Friends who live out in the country near Colville reported that there was a lightning strike near their home last Monday.
One result? They now know the family cat is capable of achieving warp speed while heading for cover.
Just wondering: How many local business ideas get squelched because of the implications of our area being so far from the nation’s population centers?
If there’s a “best” there must be a “worst”: Someone in the Inland Northwest has the dock that is closest to falling apart underfoot. If that might be you, feel free to email me a photo.
Slice reader Una Zeck wonders: “I would appreciate your insight regarding this apparent (and disturbing to me) evolution: When did ‘graduated from high school’ become ‘graduated high school’? Is this now officially correct? I have seen it in the Pretty-Good-Paper-Under-the-Circumstances more than once, so it may be so.”
Una, I think this is just one more indication that we are all going to hell in a hand basket.
Happy Monday, everyone!
Today’s Slice question: So there’s this woman I know and like who is a teacher. She is older than I am and she has been pursuing her vocation for a long time. The kids she teaches are really young, just beginning school.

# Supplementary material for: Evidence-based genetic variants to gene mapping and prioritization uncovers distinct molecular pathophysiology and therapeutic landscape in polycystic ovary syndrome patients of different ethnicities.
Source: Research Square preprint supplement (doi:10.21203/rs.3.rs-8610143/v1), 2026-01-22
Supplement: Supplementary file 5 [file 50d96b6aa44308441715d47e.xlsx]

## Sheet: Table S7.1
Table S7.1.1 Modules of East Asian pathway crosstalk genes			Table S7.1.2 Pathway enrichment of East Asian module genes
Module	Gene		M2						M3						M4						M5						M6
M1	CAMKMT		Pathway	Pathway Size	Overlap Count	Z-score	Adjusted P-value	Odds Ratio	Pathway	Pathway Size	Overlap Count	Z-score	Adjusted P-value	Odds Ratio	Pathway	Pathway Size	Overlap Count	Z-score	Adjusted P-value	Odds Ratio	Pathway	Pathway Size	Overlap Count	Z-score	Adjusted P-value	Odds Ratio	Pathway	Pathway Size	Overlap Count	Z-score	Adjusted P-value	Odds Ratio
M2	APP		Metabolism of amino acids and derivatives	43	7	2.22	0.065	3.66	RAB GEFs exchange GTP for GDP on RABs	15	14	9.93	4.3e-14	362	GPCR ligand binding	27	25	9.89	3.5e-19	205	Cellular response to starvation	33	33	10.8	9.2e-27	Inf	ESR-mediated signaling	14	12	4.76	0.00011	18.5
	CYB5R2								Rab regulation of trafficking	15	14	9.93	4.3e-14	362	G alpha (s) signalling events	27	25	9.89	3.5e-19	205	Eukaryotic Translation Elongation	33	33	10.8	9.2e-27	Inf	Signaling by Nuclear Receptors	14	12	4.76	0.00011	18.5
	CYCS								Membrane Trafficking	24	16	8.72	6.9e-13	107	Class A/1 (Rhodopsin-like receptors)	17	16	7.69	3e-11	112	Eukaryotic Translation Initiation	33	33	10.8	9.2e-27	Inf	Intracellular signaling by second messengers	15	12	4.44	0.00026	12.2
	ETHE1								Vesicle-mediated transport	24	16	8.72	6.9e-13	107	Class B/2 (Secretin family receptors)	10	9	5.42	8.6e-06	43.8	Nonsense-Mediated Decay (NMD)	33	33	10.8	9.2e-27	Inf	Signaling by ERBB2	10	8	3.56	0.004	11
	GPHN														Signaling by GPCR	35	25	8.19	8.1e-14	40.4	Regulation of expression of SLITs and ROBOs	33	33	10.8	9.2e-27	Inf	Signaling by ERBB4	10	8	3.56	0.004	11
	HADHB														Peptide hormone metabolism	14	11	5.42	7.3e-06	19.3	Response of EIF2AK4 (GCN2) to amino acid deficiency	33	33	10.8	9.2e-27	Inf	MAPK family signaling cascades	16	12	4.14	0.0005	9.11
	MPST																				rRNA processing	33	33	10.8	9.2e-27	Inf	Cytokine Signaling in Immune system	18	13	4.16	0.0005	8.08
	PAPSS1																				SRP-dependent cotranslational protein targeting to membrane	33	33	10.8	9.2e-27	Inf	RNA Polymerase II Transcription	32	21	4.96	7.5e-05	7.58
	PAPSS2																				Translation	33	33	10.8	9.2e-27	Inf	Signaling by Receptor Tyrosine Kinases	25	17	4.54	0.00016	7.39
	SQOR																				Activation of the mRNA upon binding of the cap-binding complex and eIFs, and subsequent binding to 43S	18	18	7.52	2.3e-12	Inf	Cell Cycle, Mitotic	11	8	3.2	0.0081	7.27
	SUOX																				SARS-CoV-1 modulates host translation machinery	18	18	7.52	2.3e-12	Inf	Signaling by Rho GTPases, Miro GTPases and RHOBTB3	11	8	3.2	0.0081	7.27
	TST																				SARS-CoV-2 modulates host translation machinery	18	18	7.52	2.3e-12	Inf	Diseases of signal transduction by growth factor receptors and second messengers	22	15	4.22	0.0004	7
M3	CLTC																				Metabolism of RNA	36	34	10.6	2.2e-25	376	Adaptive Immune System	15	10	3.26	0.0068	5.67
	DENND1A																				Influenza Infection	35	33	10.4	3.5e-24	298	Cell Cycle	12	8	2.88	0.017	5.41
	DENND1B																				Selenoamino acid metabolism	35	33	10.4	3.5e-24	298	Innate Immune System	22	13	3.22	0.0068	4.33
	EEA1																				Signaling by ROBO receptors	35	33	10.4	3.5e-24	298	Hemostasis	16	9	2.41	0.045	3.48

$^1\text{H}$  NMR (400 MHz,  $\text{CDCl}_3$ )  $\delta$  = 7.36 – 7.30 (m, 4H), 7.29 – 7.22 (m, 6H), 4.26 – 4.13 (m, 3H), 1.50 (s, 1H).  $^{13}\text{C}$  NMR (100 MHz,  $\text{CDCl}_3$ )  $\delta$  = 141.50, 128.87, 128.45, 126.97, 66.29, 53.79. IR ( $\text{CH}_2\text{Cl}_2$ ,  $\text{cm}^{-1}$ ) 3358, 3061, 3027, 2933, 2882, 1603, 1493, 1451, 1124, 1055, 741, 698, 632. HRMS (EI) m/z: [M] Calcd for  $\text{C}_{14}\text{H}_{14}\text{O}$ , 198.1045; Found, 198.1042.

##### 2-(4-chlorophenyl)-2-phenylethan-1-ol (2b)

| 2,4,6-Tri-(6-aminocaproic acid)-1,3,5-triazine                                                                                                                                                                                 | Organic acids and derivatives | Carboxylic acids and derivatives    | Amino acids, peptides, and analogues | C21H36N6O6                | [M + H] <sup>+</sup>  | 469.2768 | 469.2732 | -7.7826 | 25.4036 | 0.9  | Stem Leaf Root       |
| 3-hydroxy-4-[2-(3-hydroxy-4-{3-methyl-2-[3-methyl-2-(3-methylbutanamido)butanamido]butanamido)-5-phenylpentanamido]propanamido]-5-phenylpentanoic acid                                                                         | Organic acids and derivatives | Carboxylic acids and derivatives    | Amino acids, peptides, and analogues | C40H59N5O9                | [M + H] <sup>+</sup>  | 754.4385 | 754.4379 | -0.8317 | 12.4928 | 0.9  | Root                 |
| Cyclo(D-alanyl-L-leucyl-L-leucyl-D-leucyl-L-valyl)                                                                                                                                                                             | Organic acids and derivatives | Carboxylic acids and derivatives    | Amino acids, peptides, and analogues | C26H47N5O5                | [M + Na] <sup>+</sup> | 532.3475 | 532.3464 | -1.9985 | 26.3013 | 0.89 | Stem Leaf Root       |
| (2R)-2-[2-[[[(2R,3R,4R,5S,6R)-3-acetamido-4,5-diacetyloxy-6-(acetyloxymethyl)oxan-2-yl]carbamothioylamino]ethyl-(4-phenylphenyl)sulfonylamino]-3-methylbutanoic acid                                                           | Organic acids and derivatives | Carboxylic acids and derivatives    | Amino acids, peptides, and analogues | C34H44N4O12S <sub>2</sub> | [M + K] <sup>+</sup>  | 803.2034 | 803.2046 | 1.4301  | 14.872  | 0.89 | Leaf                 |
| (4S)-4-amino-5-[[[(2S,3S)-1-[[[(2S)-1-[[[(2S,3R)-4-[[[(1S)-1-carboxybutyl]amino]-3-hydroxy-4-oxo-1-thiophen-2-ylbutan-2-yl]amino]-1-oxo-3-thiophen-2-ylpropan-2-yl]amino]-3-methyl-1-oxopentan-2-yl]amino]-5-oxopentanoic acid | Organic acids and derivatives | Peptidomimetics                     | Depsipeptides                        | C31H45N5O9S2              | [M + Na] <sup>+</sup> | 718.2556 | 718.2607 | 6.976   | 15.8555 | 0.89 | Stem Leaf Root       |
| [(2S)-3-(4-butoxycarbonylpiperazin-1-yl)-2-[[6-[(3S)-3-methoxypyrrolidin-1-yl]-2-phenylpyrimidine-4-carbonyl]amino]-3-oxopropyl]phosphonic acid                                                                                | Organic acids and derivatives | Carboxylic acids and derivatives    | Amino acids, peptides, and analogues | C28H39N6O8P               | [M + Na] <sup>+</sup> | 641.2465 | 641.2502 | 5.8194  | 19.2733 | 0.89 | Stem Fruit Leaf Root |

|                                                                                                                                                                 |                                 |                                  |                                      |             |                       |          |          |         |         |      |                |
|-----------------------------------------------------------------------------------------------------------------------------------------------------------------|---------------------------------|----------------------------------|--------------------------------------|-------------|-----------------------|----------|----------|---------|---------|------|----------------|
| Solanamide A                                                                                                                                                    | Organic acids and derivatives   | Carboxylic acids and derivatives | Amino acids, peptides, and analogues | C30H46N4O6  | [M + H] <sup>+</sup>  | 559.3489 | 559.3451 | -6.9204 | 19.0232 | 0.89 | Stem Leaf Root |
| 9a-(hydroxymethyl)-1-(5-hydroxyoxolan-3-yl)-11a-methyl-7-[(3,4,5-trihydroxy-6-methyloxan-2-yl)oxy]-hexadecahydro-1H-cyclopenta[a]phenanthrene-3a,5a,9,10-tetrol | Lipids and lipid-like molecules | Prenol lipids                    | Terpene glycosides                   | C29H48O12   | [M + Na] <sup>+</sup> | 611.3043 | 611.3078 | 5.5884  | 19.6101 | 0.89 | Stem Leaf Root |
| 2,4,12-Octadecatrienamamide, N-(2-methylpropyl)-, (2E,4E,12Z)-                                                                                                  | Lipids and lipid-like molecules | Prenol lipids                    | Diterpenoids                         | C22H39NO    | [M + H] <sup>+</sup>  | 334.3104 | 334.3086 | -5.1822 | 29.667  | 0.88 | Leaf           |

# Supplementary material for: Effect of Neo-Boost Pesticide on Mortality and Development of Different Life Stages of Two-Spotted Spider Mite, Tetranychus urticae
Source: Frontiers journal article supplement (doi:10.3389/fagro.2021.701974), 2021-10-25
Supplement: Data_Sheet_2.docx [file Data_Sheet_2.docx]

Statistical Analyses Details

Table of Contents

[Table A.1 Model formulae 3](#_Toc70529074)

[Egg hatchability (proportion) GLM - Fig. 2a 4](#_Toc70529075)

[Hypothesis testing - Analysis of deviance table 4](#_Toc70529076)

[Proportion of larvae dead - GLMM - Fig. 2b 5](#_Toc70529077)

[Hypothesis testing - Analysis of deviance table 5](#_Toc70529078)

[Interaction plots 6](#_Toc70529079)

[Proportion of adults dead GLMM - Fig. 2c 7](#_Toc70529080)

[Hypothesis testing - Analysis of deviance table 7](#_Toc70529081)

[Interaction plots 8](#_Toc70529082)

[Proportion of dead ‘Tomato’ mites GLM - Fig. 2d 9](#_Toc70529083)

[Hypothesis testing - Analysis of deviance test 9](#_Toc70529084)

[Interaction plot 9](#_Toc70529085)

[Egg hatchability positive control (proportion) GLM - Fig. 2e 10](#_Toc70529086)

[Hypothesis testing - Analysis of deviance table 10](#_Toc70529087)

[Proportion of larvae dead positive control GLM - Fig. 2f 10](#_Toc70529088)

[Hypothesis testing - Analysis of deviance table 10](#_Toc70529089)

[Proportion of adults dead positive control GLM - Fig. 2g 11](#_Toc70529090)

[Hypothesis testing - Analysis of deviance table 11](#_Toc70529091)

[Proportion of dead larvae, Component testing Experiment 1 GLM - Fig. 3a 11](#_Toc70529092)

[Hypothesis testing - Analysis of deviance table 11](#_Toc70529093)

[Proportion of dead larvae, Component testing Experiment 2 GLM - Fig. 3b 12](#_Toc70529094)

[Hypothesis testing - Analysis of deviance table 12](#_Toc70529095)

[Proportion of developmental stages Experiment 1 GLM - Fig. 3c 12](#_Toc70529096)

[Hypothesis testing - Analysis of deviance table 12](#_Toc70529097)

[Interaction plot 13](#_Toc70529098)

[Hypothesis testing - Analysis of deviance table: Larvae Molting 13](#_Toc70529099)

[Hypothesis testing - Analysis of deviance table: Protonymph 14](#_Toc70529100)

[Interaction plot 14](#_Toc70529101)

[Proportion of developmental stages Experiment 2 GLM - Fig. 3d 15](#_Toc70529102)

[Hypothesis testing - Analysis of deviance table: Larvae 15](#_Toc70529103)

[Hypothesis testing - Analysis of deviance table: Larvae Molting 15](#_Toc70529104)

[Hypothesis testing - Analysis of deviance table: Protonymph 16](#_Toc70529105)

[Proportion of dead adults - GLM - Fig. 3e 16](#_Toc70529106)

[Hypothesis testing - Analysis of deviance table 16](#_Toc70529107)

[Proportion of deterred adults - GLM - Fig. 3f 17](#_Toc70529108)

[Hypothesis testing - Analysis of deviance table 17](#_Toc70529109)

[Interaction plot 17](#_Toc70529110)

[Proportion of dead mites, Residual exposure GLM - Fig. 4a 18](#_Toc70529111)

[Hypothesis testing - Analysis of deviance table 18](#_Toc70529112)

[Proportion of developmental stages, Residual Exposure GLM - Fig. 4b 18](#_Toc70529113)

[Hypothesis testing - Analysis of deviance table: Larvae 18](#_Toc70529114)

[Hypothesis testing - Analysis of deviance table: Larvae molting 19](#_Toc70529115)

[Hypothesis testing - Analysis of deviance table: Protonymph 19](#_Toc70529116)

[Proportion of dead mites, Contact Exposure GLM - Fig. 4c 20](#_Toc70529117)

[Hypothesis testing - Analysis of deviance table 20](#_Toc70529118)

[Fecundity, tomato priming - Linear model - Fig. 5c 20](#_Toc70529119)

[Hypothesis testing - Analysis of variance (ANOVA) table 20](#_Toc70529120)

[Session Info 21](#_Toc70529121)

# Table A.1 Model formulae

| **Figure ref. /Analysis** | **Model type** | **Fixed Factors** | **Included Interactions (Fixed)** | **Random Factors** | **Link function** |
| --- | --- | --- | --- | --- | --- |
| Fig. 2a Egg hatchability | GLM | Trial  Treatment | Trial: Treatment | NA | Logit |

She sincerely cares about helping her pupils get a good start in their scholastic experience. She would not still be doing her job after decades of teaching if she were not imbued with a desire to make a positive difference in young lives.
But I’m told not all the parents are fans. Some say she’s old-fashioned. They feel she has inadequately embraced the tenets of “child centered” learning.
You see, my friend believes children have to be able to sit down and shut up now and then and become accustomed to listening to adults if they are going to make academic progress.
I know which side I’m on. But let me ask you.
Have you ever had a child in a class taught by a teacher you admired who was, nonetheless, the target of criticism from other parents? How did you express your support for that teacher?
sponsored According to two 2015 surveys, 62 percent of Americans do not have enough savings to handle an unexpected emergency, much less any long-term plans.